In chemistry, back titration is a technique used to determine the strength of an analyte through the addition of a known molar concentration of excess reagent. Back titration is also referred to as indirect titration.
Titration is an analytical method involving two solutions or reactants: an analyte and a titrant. An analyte is of unknown concentration, while the titrant, also called the standard solution, is of known quantity. During titration, a buret is typically used to carefully add the titrant to the analyte until a neutral state is achieved. Titration determines an analyte's strength in terms of molarity, normality, molality, alkalinity, acidity or precipitatability. Some of the common types of titration methods include acid-base titration, precipitation titration, reduction-oxidation titration, complexometric titration and back titration.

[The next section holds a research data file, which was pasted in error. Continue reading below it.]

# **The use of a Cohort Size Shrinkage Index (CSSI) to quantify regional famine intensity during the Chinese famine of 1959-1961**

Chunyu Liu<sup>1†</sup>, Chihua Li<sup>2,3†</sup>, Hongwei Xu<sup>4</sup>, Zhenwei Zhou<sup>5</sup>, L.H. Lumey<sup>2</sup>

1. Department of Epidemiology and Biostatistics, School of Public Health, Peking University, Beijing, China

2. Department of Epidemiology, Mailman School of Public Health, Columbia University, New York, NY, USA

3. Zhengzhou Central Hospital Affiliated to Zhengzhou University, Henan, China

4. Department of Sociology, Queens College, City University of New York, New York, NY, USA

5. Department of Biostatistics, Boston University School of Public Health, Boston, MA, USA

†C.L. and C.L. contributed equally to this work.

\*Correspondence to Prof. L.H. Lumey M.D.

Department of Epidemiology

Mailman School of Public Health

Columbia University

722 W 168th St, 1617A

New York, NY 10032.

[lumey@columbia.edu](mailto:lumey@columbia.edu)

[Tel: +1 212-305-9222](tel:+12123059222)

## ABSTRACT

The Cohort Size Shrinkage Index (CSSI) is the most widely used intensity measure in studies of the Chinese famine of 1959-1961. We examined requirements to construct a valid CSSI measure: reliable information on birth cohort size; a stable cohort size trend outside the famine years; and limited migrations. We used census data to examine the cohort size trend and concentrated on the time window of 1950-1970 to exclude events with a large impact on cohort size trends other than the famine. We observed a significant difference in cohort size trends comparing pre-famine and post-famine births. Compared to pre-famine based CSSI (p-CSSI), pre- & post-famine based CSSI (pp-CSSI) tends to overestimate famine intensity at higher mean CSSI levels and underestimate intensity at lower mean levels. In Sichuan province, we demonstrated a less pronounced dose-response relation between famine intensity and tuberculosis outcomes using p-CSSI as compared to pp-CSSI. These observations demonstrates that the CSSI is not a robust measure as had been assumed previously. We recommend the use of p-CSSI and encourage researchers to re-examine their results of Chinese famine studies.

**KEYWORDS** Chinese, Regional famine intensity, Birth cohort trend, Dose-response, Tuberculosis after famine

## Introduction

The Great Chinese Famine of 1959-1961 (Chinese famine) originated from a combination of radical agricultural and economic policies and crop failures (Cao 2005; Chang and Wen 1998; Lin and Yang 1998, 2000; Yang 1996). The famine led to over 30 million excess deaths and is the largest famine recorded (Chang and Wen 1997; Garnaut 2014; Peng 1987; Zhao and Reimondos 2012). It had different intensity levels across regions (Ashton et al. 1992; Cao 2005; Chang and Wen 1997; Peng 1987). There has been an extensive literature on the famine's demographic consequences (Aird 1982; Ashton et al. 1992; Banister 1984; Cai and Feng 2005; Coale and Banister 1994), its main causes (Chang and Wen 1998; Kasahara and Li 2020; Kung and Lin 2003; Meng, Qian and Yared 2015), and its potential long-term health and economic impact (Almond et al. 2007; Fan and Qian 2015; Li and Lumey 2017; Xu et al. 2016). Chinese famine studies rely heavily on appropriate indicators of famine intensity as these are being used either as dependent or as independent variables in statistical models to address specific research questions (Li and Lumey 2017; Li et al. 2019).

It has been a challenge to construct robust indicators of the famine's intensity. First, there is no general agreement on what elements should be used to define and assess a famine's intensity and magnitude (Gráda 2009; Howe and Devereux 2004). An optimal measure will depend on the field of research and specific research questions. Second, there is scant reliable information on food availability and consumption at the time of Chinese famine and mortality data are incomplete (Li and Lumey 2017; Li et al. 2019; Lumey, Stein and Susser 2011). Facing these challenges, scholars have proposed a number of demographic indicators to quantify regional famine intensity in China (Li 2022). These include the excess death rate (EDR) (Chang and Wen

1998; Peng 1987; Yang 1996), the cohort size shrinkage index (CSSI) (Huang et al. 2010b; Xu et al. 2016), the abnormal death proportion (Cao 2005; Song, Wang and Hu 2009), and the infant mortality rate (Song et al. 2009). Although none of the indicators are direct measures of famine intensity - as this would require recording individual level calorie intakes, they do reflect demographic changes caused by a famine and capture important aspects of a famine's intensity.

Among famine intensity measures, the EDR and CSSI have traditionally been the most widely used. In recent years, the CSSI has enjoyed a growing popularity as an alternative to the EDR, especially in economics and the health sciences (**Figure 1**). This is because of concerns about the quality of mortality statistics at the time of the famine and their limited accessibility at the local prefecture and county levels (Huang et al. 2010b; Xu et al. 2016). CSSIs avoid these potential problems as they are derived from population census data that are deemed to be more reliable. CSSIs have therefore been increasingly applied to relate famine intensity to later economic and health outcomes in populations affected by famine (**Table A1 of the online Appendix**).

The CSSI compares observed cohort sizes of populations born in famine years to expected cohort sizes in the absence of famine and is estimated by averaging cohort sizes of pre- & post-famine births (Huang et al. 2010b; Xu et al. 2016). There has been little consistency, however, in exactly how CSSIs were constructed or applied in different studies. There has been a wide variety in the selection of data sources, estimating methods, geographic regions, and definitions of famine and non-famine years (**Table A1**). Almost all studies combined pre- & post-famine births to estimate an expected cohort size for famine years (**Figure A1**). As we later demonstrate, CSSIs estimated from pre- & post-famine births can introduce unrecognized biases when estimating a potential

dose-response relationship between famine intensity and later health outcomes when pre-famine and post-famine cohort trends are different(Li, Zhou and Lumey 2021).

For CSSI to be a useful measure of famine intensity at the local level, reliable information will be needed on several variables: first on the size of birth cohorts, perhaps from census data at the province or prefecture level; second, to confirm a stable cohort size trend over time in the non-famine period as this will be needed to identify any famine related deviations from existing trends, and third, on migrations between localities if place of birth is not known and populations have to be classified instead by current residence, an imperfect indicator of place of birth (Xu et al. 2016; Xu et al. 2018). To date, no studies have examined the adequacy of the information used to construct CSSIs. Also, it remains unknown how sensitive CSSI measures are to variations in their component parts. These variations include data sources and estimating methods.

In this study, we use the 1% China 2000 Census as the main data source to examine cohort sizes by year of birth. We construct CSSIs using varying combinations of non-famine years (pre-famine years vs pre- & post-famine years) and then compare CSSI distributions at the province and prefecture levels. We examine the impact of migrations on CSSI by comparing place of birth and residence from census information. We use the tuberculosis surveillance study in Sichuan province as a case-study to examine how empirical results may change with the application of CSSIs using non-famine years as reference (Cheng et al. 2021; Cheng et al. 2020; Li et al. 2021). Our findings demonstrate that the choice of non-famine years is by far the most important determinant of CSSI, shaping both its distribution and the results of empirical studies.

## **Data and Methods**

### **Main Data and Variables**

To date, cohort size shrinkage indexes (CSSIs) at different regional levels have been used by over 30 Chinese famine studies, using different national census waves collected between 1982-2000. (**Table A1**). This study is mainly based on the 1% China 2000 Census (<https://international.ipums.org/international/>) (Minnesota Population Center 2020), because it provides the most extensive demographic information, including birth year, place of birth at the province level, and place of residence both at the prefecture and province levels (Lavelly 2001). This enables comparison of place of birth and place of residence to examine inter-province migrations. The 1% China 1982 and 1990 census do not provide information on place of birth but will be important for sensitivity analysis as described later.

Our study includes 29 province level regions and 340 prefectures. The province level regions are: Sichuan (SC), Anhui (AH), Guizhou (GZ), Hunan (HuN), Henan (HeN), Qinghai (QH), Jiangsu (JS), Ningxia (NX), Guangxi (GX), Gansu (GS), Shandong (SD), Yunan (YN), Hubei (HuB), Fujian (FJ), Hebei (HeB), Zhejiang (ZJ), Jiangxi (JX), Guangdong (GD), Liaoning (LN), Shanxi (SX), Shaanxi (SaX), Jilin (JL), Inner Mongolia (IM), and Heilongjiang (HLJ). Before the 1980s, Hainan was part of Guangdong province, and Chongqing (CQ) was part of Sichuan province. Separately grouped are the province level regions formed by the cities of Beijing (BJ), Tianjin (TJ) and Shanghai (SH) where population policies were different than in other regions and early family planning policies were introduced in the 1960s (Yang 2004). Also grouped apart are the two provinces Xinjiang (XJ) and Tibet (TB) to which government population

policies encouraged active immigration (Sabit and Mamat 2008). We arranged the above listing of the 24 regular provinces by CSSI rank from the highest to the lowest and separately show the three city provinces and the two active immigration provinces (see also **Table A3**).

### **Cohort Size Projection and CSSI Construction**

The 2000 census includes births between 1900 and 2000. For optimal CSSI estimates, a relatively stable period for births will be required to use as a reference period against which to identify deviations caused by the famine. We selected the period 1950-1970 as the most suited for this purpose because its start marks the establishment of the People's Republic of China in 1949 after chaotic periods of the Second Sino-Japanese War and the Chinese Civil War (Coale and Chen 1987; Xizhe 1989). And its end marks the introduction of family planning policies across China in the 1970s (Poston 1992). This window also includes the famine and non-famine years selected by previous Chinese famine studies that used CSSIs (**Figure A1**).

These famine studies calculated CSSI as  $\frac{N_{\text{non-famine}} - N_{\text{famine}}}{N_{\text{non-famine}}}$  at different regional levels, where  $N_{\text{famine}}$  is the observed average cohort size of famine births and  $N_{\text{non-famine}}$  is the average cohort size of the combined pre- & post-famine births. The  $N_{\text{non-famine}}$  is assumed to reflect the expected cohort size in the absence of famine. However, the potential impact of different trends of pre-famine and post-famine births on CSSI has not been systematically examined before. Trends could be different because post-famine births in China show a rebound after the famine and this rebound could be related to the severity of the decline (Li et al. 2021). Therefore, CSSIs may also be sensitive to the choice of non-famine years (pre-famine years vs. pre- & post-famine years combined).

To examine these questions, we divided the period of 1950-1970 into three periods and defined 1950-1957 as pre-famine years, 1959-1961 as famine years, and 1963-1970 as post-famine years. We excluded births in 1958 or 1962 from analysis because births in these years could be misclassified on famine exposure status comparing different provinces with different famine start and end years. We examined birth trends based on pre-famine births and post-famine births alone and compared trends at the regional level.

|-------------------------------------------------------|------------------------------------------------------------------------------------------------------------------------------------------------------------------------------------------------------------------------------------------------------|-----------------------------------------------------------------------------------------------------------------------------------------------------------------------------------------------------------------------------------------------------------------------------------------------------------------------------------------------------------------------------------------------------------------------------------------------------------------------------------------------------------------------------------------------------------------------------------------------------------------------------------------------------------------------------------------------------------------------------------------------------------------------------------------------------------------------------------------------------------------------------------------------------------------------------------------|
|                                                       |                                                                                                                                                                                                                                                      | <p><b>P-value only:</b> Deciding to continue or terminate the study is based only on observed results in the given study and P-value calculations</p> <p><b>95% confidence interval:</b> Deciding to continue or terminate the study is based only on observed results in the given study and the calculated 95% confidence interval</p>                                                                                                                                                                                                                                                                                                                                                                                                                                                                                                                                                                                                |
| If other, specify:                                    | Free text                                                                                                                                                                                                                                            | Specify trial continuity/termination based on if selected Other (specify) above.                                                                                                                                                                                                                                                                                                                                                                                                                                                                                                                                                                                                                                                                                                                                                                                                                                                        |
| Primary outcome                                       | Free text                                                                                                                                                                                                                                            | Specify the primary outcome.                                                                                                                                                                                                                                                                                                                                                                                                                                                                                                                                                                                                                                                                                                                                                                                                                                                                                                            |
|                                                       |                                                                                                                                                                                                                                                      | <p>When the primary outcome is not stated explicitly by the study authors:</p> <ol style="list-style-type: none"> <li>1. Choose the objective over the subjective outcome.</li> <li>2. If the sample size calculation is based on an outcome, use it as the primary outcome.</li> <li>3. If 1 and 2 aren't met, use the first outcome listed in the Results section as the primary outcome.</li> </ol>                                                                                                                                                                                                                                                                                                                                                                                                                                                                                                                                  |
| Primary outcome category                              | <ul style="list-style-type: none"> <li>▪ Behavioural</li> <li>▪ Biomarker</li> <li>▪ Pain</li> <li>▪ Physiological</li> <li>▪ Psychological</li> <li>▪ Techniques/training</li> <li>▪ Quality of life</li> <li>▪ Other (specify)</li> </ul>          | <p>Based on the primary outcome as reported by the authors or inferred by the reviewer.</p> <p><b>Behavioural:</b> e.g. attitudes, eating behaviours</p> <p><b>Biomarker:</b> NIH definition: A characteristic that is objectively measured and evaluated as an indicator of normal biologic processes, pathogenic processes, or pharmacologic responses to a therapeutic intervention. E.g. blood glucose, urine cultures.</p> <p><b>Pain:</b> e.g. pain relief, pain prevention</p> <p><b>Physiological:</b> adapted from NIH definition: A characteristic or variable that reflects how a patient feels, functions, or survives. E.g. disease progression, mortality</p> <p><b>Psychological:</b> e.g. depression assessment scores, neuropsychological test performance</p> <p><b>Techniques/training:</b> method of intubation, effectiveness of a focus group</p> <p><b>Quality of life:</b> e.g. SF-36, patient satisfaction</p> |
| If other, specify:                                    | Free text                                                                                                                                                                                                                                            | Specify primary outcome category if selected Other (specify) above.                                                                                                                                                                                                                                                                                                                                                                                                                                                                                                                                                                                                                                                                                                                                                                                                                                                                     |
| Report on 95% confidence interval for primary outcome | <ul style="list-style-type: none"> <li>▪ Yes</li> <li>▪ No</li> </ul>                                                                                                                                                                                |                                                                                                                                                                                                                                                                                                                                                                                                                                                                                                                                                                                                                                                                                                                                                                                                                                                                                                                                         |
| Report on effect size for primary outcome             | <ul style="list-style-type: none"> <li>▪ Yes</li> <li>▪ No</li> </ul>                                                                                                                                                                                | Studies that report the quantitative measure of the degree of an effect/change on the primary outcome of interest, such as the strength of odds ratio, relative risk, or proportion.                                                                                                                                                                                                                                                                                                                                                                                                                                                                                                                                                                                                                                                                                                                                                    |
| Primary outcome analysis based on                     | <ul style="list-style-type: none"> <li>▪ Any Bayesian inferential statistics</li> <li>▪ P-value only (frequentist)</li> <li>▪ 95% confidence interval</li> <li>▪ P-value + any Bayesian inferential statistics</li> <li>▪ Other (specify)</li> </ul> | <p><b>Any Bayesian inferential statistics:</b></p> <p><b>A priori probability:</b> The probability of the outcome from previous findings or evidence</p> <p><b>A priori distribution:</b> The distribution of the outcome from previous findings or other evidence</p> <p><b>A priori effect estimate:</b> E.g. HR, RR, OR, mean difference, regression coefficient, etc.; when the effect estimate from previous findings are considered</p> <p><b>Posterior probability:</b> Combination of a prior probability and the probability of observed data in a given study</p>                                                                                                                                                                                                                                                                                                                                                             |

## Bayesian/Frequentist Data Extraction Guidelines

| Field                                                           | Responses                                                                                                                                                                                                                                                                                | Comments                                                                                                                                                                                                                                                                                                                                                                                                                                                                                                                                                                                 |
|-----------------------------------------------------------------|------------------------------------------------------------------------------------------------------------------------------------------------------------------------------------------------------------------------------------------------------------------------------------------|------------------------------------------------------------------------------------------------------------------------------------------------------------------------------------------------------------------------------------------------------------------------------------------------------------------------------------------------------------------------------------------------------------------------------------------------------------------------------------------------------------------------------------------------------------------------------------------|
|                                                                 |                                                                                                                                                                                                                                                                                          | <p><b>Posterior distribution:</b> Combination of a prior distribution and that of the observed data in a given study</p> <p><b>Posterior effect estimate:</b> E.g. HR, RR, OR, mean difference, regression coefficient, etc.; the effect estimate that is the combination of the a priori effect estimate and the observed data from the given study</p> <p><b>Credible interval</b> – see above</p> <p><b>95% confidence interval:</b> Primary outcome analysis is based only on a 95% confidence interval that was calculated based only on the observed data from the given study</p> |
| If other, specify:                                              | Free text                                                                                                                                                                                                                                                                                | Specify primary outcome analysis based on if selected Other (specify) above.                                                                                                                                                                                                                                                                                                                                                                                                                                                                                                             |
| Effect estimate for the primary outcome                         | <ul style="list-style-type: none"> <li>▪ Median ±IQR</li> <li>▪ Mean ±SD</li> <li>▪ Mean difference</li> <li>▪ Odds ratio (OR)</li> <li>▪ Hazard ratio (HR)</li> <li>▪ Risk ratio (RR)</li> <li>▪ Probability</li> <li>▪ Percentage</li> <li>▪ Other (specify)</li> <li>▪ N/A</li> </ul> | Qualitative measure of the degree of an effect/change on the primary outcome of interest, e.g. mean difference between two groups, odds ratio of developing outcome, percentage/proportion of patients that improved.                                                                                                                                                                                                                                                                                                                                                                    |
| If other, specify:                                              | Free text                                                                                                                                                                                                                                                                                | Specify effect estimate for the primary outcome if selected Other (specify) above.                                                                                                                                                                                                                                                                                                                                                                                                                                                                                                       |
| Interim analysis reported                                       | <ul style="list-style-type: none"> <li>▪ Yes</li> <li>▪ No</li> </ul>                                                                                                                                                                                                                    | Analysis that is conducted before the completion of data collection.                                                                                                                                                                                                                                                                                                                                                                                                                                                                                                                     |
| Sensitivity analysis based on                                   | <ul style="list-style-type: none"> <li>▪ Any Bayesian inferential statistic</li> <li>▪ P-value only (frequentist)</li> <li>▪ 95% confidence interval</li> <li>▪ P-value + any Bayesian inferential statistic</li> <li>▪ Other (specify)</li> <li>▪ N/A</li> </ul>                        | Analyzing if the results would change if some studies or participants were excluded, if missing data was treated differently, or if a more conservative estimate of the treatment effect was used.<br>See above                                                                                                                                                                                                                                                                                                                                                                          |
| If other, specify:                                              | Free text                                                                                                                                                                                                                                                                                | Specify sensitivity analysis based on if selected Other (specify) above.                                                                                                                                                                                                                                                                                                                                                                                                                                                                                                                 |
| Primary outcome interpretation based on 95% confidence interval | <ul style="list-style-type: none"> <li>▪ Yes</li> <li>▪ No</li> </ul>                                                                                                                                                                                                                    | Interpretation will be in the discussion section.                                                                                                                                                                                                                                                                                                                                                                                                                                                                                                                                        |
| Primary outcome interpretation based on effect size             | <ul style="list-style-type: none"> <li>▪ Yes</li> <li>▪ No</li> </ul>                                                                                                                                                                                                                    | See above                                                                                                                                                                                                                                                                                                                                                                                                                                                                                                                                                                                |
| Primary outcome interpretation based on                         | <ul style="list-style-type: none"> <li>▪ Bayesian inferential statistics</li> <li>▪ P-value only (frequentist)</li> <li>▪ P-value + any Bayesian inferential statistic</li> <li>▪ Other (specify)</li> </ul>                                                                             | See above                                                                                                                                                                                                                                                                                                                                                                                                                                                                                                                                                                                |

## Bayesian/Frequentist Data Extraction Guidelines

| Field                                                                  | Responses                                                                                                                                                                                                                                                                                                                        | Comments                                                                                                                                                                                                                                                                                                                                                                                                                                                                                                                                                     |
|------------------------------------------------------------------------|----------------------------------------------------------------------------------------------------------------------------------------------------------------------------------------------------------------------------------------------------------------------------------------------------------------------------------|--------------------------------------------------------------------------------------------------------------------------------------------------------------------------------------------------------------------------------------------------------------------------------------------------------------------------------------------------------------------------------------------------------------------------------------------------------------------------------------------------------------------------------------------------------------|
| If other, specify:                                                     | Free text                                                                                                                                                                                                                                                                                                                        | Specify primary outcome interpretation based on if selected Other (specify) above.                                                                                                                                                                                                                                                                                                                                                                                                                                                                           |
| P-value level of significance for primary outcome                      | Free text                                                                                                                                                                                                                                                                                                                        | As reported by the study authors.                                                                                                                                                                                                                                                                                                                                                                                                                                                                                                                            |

A back titration is conducted when one of the solutions is highly volatile such as ammonia; a base or an acid is an insoluble salt such as calcium carbonate; a reaction is particularly slow or a direct titration entails a weak base and weak acid titration, the result of which is hard to ascertain. A back titration is normally done using a two-step procedure. The analyte, which is the volatile substance, is first allowed to react with the excess reagent. A titration is then performed on the remaining amount of the known solution to determine how much is in excess and to measure the quantity consumed by the analyte.